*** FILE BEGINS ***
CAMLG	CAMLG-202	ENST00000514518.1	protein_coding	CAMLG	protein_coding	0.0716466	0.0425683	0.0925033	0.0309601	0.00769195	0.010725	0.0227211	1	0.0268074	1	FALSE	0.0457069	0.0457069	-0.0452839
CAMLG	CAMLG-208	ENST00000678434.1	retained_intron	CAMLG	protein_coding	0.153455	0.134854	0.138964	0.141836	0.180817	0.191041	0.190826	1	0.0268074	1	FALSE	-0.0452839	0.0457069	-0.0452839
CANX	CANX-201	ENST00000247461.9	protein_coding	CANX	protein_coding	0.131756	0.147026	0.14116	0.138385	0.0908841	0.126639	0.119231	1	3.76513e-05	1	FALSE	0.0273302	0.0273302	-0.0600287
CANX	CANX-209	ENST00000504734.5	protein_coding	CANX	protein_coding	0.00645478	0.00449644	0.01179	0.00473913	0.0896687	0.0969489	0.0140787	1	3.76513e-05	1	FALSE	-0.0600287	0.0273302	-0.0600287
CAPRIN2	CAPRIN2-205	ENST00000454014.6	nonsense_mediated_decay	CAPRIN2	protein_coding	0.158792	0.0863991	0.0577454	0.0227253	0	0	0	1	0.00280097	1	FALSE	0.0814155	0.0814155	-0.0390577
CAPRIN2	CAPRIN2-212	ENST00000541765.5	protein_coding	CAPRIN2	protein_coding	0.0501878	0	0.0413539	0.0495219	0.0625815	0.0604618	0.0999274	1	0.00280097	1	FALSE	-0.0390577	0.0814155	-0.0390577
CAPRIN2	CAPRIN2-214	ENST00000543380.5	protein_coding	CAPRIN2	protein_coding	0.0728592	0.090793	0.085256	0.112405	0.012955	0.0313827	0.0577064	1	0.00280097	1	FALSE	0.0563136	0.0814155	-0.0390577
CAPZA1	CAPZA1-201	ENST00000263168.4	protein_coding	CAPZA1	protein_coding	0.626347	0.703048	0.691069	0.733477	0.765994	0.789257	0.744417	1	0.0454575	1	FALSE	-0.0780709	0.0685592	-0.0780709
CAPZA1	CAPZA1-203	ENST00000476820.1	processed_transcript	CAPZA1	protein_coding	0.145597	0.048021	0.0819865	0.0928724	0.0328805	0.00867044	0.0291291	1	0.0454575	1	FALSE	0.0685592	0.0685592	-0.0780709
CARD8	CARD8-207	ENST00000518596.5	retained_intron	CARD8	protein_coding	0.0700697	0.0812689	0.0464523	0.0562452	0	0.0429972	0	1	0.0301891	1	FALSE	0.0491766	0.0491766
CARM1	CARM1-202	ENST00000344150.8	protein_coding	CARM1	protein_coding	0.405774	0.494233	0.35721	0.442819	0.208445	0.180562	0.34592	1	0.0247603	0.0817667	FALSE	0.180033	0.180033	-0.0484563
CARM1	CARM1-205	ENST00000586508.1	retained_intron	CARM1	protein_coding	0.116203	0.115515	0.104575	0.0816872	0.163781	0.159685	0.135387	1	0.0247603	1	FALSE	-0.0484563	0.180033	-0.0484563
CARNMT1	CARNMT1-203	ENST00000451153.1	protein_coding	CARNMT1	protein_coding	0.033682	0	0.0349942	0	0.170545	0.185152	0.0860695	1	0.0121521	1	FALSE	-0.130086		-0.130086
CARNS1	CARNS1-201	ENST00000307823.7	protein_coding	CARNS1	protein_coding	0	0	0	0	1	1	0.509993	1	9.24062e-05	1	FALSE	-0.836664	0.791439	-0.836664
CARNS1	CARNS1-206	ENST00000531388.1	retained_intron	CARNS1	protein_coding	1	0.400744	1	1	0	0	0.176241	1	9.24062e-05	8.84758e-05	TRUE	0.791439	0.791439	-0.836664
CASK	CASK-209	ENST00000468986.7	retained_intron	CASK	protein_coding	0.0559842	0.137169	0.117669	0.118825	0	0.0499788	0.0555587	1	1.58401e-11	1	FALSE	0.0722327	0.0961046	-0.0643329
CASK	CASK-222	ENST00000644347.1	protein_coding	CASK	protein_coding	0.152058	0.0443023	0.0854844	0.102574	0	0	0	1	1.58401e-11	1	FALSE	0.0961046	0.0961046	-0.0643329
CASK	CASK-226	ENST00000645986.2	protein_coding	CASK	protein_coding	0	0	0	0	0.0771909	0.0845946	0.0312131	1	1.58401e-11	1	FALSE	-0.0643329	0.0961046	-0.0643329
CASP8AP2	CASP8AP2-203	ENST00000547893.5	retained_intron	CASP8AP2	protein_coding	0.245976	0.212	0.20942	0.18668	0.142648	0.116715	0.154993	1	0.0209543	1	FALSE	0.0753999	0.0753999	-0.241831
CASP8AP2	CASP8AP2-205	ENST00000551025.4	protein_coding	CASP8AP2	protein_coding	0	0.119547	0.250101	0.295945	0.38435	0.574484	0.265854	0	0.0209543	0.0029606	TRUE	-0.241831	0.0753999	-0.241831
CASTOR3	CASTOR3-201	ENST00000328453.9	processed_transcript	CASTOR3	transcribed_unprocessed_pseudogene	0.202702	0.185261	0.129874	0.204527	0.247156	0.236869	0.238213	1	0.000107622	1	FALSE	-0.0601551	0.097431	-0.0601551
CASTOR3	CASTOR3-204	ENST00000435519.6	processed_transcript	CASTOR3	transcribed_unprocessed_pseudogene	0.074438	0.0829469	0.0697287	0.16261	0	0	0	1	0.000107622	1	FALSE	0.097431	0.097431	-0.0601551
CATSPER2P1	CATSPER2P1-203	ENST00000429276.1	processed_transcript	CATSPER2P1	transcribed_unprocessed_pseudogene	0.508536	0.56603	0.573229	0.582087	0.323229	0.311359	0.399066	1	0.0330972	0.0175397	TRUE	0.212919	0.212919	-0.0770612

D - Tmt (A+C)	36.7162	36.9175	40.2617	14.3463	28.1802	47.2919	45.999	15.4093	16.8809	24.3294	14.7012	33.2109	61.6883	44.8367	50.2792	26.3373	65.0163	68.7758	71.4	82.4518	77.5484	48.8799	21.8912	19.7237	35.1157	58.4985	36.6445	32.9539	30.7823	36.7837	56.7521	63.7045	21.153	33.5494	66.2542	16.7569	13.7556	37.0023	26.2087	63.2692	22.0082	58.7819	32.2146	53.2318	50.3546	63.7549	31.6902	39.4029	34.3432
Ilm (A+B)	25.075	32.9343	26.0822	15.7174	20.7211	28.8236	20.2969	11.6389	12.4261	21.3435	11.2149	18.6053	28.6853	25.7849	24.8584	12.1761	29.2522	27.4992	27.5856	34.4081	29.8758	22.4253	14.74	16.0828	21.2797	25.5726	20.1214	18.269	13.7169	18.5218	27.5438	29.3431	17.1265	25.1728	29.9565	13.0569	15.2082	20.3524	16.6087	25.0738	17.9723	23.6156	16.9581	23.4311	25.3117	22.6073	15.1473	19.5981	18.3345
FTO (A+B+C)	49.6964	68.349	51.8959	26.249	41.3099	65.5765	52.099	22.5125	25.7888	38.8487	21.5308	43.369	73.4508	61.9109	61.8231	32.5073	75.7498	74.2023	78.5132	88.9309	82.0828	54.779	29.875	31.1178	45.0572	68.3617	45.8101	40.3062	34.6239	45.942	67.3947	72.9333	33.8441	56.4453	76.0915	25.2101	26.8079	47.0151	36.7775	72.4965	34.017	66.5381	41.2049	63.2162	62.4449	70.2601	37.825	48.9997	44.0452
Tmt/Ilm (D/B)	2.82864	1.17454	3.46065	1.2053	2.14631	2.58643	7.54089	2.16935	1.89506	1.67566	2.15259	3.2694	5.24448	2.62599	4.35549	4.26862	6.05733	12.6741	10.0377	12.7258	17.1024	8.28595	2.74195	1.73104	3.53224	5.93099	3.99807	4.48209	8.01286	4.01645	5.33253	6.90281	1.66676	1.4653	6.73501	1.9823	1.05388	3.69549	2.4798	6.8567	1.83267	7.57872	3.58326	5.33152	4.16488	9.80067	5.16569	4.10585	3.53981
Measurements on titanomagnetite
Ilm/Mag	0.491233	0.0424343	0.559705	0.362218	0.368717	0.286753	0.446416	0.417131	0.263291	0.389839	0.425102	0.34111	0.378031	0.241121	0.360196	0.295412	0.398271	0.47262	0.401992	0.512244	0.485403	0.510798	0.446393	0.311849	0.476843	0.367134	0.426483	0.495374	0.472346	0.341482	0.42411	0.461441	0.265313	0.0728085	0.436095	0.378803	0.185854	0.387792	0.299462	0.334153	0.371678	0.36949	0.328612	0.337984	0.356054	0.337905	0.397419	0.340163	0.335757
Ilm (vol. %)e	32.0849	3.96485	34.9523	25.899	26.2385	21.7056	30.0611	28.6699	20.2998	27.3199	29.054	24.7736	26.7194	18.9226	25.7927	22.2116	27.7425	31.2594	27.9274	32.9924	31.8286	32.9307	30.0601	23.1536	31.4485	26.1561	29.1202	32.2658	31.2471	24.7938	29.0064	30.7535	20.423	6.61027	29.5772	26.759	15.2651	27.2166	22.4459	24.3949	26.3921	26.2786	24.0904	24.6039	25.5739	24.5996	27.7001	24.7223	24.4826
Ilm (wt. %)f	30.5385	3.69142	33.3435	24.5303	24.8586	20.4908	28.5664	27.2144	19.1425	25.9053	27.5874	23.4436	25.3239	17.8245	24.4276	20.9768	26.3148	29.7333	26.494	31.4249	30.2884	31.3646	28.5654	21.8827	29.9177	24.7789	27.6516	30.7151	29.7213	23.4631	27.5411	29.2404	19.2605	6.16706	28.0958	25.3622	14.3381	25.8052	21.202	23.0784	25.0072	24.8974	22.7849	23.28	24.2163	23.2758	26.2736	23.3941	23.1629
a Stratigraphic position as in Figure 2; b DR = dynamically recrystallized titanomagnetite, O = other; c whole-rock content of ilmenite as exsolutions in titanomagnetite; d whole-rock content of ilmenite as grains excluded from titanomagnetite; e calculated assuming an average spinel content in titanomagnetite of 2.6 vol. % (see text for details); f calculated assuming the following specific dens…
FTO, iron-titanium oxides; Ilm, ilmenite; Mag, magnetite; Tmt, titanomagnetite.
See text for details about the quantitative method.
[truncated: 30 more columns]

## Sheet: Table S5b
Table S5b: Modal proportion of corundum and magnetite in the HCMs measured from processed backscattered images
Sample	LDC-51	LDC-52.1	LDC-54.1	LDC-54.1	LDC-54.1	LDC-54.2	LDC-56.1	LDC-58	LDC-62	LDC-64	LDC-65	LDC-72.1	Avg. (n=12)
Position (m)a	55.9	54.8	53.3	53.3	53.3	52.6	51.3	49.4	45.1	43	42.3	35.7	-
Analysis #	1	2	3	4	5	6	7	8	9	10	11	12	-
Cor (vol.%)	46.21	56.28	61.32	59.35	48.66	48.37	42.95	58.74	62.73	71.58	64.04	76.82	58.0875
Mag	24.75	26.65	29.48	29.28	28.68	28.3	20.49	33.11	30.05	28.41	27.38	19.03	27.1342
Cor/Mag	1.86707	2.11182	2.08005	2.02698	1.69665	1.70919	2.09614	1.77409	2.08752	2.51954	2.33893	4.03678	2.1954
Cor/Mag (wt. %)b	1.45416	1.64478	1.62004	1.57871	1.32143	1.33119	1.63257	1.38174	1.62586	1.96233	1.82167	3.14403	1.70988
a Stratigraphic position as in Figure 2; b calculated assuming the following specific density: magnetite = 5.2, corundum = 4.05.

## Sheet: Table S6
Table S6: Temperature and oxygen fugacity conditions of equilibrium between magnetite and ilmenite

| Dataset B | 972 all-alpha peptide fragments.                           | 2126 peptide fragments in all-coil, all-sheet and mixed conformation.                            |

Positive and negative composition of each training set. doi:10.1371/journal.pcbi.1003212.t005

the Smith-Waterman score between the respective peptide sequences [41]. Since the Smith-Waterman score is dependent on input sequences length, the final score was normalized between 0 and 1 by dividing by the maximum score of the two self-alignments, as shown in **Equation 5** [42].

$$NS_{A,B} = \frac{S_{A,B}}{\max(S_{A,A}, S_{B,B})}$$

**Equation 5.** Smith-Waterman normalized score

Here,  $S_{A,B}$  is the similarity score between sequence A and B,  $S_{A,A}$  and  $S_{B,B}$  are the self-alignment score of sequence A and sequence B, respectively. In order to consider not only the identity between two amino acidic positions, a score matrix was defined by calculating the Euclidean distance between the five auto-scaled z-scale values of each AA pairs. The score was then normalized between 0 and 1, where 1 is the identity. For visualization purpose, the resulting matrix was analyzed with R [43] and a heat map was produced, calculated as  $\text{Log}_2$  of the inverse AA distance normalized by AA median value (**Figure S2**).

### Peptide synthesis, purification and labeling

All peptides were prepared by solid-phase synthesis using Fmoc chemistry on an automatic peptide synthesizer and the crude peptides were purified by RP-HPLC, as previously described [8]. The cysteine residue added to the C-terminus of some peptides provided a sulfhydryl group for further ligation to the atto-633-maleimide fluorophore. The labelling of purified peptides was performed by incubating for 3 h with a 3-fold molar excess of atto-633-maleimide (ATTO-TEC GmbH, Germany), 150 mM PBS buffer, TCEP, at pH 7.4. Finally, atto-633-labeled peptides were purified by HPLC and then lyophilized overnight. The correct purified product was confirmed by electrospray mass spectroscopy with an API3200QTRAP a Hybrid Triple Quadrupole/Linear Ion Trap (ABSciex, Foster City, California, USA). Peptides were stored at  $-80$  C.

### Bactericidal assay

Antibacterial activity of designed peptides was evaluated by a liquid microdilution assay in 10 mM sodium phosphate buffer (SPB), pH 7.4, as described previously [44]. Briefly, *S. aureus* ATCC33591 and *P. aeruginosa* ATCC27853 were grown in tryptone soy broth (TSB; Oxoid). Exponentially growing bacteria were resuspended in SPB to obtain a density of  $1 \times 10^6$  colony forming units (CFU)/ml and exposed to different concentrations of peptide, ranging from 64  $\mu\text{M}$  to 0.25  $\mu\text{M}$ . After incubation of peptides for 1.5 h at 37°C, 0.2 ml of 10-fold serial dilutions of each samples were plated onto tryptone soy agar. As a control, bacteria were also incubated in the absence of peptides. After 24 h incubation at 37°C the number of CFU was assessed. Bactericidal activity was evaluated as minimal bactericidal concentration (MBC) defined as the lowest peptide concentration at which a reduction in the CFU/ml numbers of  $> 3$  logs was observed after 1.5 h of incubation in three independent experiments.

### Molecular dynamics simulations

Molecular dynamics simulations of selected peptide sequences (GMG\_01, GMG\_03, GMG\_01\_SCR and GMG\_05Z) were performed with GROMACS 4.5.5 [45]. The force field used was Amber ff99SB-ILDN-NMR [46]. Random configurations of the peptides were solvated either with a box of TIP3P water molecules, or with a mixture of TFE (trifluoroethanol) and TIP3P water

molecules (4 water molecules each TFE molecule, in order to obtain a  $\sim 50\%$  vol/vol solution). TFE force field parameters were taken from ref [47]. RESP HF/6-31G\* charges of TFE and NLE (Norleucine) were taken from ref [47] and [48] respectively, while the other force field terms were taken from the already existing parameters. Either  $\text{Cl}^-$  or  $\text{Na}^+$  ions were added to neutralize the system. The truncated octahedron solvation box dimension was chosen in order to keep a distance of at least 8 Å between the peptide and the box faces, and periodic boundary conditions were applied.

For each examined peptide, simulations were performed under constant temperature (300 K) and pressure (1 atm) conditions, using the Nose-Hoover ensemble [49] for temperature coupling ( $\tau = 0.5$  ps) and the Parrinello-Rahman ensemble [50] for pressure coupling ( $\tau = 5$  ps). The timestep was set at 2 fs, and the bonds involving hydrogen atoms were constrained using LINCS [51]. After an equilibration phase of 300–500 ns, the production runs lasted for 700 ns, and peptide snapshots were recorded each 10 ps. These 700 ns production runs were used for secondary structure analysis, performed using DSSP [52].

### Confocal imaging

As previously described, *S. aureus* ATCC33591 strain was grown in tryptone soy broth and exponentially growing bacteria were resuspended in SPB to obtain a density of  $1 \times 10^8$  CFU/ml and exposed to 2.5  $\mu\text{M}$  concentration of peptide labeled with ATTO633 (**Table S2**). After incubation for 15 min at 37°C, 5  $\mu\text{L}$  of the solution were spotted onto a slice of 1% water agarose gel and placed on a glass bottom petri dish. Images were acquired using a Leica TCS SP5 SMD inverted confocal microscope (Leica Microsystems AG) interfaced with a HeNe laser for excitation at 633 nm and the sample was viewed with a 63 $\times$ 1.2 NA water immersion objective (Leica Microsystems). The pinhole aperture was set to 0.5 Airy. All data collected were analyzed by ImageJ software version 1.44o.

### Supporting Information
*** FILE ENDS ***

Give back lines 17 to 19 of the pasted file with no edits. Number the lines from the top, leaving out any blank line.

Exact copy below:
CASK	CASK-222	ENST00000644347.1	protein_coding	CASK	protein_coding	0.152058	0.0443023	0.0854844	0.102574	0	0	0	1	1.58401e-11	1	FALSE	0.0961046	0.0961046	-0.0643329
CASK	CASK-226	ENST00000645986.2	protein_coding	CASK	protein_coding	0	0	0	0	0.0771909	0.0845946	0.0312131	1	1.58401e-11	1	FALSE	-0.0643329	0.0961046	-0.0643329
CASP8AP2	CASP8AP2-203	ENST00000547893.5	retained_intron	CASP8AP2	protein_coding	0.245976	0.212	0.20942	0.18668	0.142648	0.116715	0.154993	1	0.0209543	1	FALSE	0.0753999	0.0753999	-0.241831